Director: John Carney
Writer: John Carney
Cast: Mark Ruffalo, Keira Knightley, Adam Levine, Hailee Steinfeld, James Corden, Catherine Keener, Ceelo Green
Running Length: 104 minutes
Synopsis: Gretta (Keira Knightley) and her long-time boyfriend Dave (Adam Levine) are college sweethearts and songwriting partners who decamp for New York when he lands a deal with a major label. But the trappings of his new-found fame soon tempt Dave to stray, and a reeling, lovelorn Gretta is left on her own. Her world takes a turn for the better when Dan (Mark Ruffalo), a disgraced record-label exec, stumbles upon her performing on an East Village stage and is immediately captivated by her raw talent. From this chance encounter emerges an enchanting portrait of a mutually transformative collaboration, set to the soundtrack of a summer in New York City.
Review: As the old saying goes, lightning doesn’t strike twice – John Carney’s breakout indie hit, Once, was an excellent motion picture that won the hearts of many audiences and critics back in 2007, and also spawned a multi-Tony Award winning musical – and true to this, Carney’s Begin Again doesn’t manage to reach the heights that Once did. It’s essentially a variation on the same theme that Once covered, except with bigger stars and higher production values, but when evaluated on its own merits, Begin Again is still a charming enough movie, featuring some really great songs and generally authentic performances from the main cast.
It can get a little too cheesy for its own good (an example would be the music-sharing sequence), but Begin Again comes across as being a bit more genuine than the typical Hollywood romantic comedy. Mark Ruffalo and Keira Knightley share a good onscreen chemistry, and the “will they or won’t they” romantic tension between the two doesn’t come across as feeling too forced. However, the film suffers when the focus shifts away from this pairing – Adam Levine and Catherine Keener’s characters simply aren’t as fleshed out, and these extraneous plot threads become distracting and make the film feel a little more unfocused. The biggest offender would be the inclusion of Ceelo Green playing Ceelo Green – not only is his flashback sequence edited rather confusingly, there seems to be no good reason for his presence except perhaps to increase the celebrity count of the film.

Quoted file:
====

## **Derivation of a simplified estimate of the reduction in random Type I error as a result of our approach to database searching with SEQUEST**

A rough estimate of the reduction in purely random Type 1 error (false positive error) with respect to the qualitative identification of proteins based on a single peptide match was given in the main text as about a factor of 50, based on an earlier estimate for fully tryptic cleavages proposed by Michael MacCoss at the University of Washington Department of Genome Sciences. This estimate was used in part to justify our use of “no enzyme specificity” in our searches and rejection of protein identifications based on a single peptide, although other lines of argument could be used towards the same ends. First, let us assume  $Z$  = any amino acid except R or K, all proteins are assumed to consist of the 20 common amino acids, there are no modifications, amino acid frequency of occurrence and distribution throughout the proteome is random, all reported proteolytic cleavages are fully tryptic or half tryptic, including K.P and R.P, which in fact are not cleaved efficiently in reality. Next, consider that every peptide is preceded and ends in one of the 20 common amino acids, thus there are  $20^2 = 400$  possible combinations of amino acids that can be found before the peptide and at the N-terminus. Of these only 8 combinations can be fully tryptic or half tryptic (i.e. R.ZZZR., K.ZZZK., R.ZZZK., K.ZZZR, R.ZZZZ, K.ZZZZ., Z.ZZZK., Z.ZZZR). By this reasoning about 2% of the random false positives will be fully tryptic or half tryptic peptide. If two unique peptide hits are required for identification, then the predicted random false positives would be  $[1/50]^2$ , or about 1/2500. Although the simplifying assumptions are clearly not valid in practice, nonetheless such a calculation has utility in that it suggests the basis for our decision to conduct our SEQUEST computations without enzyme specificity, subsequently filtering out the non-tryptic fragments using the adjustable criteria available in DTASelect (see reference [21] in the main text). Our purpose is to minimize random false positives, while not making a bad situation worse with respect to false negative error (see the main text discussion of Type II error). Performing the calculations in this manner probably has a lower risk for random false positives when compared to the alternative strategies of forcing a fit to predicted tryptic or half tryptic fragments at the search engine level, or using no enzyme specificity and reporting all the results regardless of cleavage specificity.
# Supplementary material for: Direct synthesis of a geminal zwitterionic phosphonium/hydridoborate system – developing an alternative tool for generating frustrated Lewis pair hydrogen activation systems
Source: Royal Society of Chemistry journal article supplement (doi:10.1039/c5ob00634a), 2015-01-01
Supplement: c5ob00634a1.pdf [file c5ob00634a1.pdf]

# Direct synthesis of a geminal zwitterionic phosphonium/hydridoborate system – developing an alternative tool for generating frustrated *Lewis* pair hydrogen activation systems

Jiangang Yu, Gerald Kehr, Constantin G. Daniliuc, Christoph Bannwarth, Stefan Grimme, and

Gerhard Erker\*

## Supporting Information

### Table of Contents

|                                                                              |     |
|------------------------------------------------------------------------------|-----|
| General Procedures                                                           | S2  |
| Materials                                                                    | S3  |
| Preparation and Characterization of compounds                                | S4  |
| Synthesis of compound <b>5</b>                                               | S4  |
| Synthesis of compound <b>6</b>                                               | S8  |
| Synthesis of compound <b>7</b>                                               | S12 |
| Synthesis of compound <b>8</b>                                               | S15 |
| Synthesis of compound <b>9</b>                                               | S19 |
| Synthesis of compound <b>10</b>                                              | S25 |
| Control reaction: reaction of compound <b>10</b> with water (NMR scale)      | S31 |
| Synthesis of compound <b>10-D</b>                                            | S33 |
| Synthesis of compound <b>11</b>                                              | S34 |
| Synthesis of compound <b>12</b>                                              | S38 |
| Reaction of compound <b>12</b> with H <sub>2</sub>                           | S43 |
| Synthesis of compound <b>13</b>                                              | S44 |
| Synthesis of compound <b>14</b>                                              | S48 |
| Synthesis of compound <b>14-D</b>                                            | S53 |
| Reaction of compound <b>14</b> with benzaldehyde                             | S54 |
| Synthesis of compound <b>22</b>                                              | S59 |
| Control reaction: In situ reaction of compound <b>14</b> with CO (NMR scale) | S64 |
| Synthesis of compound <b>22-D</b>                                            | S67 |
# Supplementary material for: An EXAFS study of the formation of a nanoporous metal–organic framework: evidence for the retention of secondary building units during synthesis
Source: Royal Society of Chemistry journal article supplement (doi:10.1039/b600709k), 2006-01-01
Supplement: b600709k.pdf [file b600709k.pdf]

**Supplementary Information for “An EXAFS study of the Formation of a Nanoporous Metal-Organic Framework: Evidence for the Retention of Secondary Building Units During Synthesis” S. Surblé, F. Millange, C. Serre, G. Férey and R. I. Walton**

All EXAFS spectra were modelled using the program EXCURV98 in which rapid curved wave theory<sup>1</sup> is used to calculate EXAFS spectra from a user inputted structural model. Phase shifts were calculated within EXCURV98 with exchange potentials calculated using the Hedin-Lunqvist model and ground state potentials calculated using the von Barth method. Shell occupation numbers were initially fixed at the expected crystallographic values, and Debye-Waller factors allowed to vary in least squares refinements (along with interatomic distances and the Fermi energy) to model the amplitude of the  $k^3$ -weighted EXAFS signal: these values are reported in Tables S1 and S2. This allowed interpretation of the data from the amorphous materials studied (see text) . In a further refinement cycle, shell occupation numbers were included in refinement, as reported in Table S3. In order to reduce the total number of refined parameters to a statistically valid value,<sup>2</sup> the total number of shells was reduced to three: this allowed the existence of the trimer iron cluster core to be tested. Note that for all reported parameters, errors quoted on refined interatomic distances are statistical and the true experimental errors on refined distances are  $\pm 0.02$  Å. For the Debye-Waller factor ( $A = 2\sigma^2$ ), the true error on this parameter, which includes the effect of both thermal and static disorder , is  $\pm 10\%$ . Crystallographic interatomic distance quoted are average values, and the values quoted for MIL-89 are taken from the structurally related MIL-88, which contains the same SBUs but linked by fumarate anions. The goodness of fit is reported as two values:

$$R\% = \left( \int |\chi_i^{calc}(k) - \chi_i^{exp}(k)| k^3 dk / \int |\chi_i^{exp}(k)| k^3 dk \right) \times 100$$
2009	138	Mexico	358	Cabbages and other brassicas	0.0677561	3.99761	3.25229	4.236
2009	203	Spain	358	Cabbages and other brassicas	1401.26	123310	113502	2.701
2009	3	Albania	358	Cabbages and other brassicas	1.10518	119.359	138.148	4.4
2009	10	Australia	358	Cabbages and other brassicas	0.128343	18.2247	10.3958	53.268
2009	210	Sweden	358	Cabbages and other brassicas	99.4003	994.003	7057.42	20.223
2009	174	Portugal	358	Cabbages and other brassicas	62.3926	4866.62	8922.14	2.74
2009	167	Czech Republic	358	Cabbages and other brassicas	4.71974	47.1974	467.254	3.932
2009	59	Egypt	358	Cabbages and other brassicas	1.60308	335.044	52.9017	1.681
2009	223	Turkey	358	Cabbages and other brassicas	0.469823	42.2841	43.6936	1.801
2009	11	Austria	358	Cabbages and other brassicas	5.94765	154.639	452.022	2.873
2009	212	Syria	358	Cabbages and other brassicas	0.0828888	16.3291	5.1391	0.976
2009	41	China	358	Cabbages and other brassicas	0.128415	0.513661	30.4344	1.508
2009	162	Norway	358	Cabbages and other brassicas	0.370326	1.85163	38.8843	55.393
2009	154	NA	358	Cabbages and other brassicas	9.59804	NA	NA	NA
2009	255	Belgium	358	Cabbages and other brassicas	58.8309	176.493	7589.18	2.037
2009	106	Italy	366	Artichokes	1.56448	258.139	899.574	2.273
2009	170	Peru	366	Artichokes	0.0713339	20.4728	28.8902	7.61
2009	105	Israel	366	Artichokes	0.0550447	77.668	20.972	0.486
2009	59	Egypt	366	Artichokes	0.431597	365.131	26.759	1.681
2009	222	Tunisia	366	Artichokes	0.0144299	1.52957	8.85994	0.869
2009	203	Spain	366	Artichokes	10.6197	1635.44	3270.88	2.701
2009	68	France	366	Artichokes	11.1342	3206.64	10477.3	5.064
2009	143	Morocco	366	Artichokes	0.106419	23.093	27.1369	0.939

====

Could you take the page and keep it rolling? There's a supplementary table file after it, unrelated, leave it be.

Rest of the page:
Much like Once, the songs in Begin Again play a very important role, perhaps more so than some of the actors. And in this aspect, the film has managed to deliver in spades. Gregg Alexander (of the New Radicals and the one hit wonder “You Get What You Give”) co-wrote the songs, and many of these songs are catchy, heartfelt and (surprise surprise) decently performed by Keira Knightley. Adam Levine of course does a bang up job as well, and his rendition of Lost Stars is exemplary. The music manages to imbue even some of the more mediocre moments of Begin Again with a magical touch, and in a season filled with mega-budget action blockbusters, one could not really ask for more from a small-ish film like this one.
Rating: * * * (out of four stars)